It is this type of modern metaphor that Sydney Padua, freed from the constraints of needing to be historically accurate, plays with freely. The only time the cyberpunk/alternate history asthetic with its modern metaphors feels out of place is in the one ‘real history’ chapter (the opener), where Lovelace goes to tweet about a Babbage party she is at, momentarily mistaking her fan for a smartphone. But once the alternate history starts, the jodhpurs-wearing, pipe-smoking Lovelace is a wonderful character. Padua infuses the writing with a Victorian feel by lifting phrases and dialogue from Lovelace’s and Babbage’s letters, giving pointers when this is done and where they came from, in footnotes. Oh yes, the footnotes. There are footnotes on footnotes. There are pages of endnotes on each chapter, giving real-world historical insight into the fictionalised version. Other historical characters get a look in, such as the engineer Isambard Kingdom Brunel (here seen in the two bottom left panels), or Queen Victoria, whose offer of a variety of knighthood Babbage refused (in real life as in the comic) as it did not come with the honorific ‘sir’.

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There is also a lot of historical material in the appendices, including contemporary  articles that Padua sourced by trawling through Google scans of 19th century newspapers. Despite the fictional treatment of the historical characters, one can use Padua’s book at a stepping-off point to find real sources, which she carefully tracked down to inform her fiction, to read more about these larger-than-life personalities.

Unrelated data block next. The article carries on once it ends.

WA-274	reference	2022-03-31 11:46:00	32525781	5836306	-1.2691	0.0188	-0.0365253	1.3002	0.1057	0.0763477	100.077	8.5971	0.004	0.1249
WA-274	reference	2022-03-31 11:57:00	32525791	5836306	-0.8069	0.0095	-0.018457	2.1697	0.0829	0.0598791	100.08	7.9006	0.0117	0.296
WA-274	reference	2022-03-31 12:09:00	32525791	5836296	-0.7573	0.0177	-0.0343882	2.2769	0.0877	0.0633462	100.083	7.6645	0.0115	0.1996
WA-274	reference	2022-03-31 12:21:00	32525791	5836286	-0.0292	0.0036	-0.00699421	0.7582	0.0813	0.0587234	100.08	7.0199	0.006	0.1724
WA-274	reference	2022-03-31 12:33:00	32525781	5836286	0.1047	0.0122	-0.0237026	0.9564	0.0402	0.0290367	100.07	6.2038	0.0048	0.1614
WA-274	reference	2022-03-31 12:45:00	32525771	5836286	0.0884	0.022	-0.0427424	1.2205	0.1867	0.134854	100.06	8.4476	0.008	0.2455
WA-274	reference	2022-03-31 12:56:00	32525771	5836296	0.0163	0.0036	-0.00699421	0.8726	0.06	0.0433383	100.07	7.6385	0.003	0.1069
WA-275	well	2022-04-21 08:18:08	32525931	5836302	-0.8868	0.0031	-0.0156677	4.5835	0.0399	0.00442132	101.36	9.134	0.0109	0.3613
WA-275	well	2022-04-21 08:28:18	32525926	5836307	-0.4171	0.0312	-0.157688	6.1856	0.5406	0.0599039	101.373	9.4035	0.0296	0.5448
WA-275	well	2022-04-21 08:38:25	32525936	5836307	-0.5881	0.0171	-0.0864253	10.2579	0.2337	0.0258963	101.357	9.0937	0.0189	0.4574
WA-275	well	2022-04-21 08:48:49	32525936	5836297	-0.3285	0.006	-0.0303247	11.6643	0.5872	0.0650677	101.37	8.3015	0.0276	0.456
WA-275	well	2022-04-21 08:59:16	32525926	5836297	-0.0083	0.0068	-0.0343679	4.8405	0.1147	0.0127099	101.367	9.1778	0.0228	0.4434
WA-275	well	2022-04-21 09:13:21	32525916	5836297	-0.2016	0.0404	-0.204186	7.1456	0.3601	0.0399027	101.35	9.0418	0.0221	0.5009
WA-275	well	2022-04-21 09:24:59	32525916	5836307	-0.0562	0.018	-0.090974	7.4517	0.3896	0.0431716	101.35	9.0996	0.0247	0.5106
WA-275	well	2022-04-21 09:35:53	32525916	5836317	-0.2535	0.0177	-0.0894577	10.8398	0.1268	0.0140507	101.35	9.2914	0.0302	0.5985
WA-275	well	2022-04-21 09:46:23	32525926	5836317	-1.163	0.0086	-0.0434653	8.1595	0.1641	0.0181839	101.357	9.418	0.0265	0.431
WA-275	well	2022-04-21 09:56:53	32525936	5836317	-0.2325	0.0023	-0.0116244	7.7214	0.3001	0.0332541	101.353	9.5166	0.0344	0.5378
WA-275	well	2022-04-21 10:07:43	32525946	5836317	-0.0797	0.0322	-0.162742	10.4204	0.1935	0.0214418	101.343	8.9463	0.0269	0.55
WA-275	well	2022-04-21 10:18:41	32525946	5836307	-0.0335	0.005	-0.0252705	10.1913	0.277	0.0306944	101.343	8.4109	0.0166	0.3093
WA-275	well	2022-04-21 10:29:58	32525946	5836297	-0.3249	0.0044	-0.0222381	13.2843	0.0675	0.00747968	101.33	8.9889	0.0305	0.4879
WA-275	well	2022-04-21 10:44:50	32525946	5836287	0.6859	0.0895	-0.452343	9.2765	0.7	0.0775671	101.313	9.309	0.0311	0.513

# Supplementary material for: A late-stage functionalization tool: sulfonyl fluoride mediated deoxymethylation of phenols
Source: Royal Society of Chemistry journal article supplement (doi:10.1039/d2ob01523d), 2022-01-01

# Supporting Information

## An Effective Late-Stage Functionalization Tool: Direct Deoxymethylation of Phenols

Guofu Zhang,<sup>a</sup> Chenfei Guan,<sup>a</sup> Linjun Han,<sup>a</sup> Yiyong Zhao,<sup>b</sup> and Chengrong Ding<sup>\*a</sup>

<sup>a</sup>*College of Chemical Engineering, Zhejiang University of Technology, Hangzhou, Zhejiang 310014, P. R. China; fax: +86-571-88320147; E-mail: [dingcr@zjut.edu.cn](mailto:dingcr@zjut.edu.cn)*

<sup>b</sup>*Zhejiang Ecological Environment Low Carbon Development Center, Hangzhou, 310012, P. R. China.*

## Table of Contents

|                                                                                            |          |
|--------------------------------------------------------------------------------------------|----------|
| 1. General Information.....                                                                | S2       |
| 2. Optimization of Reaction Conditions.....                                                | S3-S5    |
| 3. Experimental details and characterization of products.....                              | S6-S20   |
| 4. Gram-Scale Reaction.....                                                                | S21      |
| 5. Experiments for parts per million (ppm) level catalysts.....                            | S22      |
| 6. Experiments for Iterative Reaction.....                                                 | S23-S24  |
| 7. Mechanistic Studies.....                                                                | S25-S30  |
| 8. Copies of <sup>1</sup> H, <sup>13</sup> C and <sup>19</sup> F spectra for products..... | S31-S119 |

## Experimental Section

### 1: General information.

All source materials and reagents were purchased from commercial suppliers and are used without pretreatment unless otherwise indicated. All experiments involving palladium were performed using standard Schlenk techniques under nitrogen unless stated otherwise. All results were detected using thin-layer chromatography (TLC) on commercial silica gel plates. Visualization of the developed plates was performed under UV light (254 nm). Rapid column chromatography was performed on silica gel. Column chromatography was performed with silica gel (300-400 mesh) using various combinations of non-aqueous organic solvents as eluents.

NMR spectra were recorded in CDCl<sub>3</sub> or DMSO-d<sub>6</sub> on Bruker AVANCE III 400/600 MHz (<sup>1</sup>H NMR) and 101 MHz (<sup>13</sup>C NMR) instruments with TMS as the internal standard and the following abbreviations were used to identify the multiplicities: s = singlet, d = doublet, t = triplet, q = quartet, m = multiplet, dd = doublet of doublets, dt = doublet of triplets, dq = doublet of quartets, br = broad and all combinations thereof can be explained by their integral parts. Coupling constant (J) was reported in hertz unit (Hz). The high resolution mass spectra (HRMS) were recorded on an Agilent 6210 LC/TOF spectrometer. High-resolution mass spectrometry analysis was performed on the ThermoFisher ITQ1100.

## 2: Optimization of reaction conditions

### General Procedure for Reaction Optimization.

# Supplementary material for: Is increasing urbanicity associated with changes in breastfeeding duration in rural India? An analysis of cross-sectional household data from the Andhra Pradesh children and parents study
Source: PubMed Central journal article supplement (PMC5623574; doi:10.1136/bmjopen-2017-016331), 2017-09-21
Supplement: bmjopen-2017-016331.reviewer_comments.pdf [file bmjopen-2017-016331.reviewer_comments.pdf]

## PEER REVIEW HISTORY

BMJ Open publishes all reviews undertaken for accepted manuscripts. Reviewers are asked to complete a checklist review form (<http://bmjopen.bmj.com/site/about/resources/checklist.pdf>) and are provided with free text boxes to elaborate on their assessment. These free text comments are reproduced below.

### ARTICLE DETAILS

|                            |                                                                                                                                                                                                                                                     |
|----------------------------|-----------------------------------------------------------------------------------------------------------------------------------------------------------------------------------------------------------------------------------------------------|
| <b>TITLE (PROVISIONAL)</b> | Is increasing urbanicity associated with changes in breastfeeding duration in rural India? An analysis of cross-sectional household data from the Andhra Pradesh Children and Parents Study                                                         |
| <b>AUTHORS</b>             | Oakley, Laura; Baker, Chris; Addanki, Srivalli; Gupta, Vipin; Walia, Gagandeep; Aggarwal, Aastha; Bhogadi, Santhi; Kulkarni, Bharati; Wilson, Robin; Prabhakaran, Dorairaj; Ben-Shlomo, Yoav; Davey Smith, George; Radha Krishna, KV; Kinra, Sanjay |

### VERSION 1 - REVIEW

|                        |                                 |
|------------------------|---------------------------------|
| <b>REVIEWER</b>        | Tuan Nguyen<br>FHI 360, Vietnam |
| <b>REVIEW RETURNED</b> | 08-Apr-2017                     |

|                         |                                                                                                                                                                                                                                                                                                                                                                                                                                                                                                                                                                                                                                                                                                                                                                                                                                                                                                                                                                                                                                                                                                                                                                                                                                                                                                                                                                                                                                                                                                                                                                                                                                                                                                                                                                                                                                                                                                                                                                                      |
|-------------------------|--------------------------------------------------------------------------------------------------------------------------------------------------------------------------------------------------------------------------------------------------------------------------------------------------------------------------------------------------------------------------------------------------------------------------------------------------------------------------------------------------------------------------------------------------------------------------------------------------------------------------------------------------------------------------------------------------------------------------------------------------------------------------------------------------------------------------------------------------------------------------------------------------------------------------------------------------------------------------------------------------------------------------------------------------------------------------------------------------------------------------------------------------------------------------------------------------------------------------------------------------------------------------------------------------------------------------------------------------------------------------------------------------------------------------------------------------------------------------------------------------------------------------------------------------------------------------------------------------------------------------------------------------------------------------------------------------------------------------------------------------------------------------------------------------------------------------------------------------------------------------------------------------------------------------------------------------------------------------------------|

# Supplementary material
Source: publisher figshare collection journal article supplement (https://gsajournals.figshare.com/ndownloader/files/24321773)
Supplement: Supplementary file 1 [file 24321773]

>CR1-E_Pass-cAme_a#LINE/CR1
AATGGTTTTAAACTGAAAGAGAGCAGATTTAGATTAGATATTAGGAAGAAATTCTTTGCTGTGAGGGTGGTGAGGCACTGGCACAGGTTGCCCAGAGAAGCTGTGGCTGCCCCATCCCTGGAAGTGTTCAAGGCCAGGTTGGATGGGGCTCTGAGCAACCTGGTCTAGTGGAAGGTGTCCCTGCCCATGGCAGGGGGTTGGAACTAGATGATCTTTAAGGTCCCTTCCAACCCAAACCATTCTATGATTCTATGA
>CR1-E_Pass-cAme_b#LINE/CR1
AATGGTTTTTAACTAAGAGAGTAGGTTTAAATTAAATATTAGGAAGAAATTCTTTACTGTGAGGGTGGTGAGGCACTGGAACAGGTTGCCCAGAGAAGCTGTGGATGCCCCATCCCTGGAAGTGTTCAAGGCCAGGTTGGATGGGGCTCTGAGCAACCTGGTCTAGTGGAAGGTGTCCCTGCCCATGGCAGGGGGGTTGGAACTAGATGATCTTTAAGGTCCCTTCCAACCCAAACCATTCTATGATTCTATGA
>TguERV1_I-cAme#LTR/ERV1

If only someone would edit a Lovelace–Babbage correspondence and included the mathematics and technical details, and gave informed commentary on the context coming from the history of mathematics at the time….

4 thoughts on “Two Ada books

    1. Thanks! That looks like a good article. The abstract:

      “Ada Lovelace is widely regarded as an early pioneer of computer science, due to an 1843 paper about Charles Babbage’s Analytical Engine, which, had it been built, would have been a general-purpose computer. However, there has been considerable disagreement among scholars as to her mathematical proficiency. This paper presents the first account by historians of mathematics of the correspondence between Lovelace and the mathematician Augustus De Morgan from 1840–41. Detailed contextual analysis allows us to present a corrected ordering of the archive material, countering previous claims of Lovelace’s mathematical inadequacies, and presenting a more nuanced assessment of her abilities.”